Migrants’ skills often underused, global study finds

3 Nov 15

Countries that have seen large increases in high-skilled migration could be missing out on the benefits as workers’ capacities are underutilised, the OECD and France’s development agency have said.

The OECD and Agence Franҫaise de Développement (AFD) today published A Global Profile of Diasporas 2015, a study looking at the evolution, characteristics and labour market outcomes of migrant groups in 140 countries worldwide over a 10-year period. It outlines the substantial changes in international migration over the past decade and intends to help both origin and destination countries develop policies to engage and mobilise the skills of migrant populations.

In a foreword to the report, Stefano Scarpetta, OECD director for employment, labour and social affairs and Gaël Giraud, chief economist and executive director of research and knowledge at AFD, said: “Migration is a growing and dynamic phenomenon. Countries of origin have become more diversified over time, while new countries of destination and transit have emerged.

“In addition, migrants today are more skilled than ever and women represent a growing share of migrants, particularly skilled ones.”

High-skilled migration to OECD countries increased by 72% between 2000/01 and 2010/11, and more than half of the 35.6 million migrants in destination countries (both OECD and non-OECD) in 2010/11 were women.

Sub-Saharan Africa is the primary source of origin, followed by Asia and Oceania, Pakistan, Colombia, Poland and Romania.

While these countries are at higher risk of “brain drain” as their brightest minds head elsewhere, destination countries risk wasting the potential of those highly skilled people that arrive on their doorstep.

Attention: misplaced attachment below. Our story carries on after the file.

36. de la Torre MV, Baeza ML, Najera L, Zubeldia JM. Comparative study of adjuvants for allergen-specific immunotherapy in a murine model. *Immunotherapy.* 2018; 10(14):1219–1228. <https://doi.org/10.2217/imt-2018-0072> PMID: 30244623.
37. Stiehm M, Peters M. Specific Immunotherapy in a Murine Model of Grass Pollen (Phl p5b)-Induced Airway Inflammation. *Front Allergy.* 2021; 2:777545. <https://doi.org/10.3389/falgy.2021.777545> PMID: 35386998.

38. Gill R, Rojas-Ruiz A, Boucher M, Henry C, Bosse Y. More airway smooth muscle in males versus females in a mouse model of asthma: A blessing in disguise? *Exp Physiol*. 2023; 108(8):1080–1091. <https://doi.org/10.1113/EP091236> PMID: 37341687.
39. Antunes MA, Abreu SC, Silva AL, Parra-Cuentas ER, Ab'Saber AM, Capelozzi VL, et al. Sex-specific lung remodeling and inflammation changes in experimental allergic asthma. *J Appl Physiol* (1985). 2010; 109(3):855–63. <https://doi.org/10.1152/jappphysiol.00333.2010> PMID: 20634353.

“Worryingly the phenomenon of over qualification has further grown for migrants over the past decade”, the report said, with close to 8 million migrants with a tertiary education working in low- and medium-skilled jobs.

Almost half of all highly educated migrants from Latin America and the Caribbean are overqualified for their jobs, the report found, although they do fare better in the labour market than their less educated counterparts.

The report said that, while migration trends represent huge challenges and risks to both origin and destination countries, both also stand to gain by harnessing their huge potential.

Migration is here to say, it added, and given these trends it is necessary to introduce policies and build partnerships between countries of origin and destination to manage the mobility of skills and harness the benefits for all parties. 

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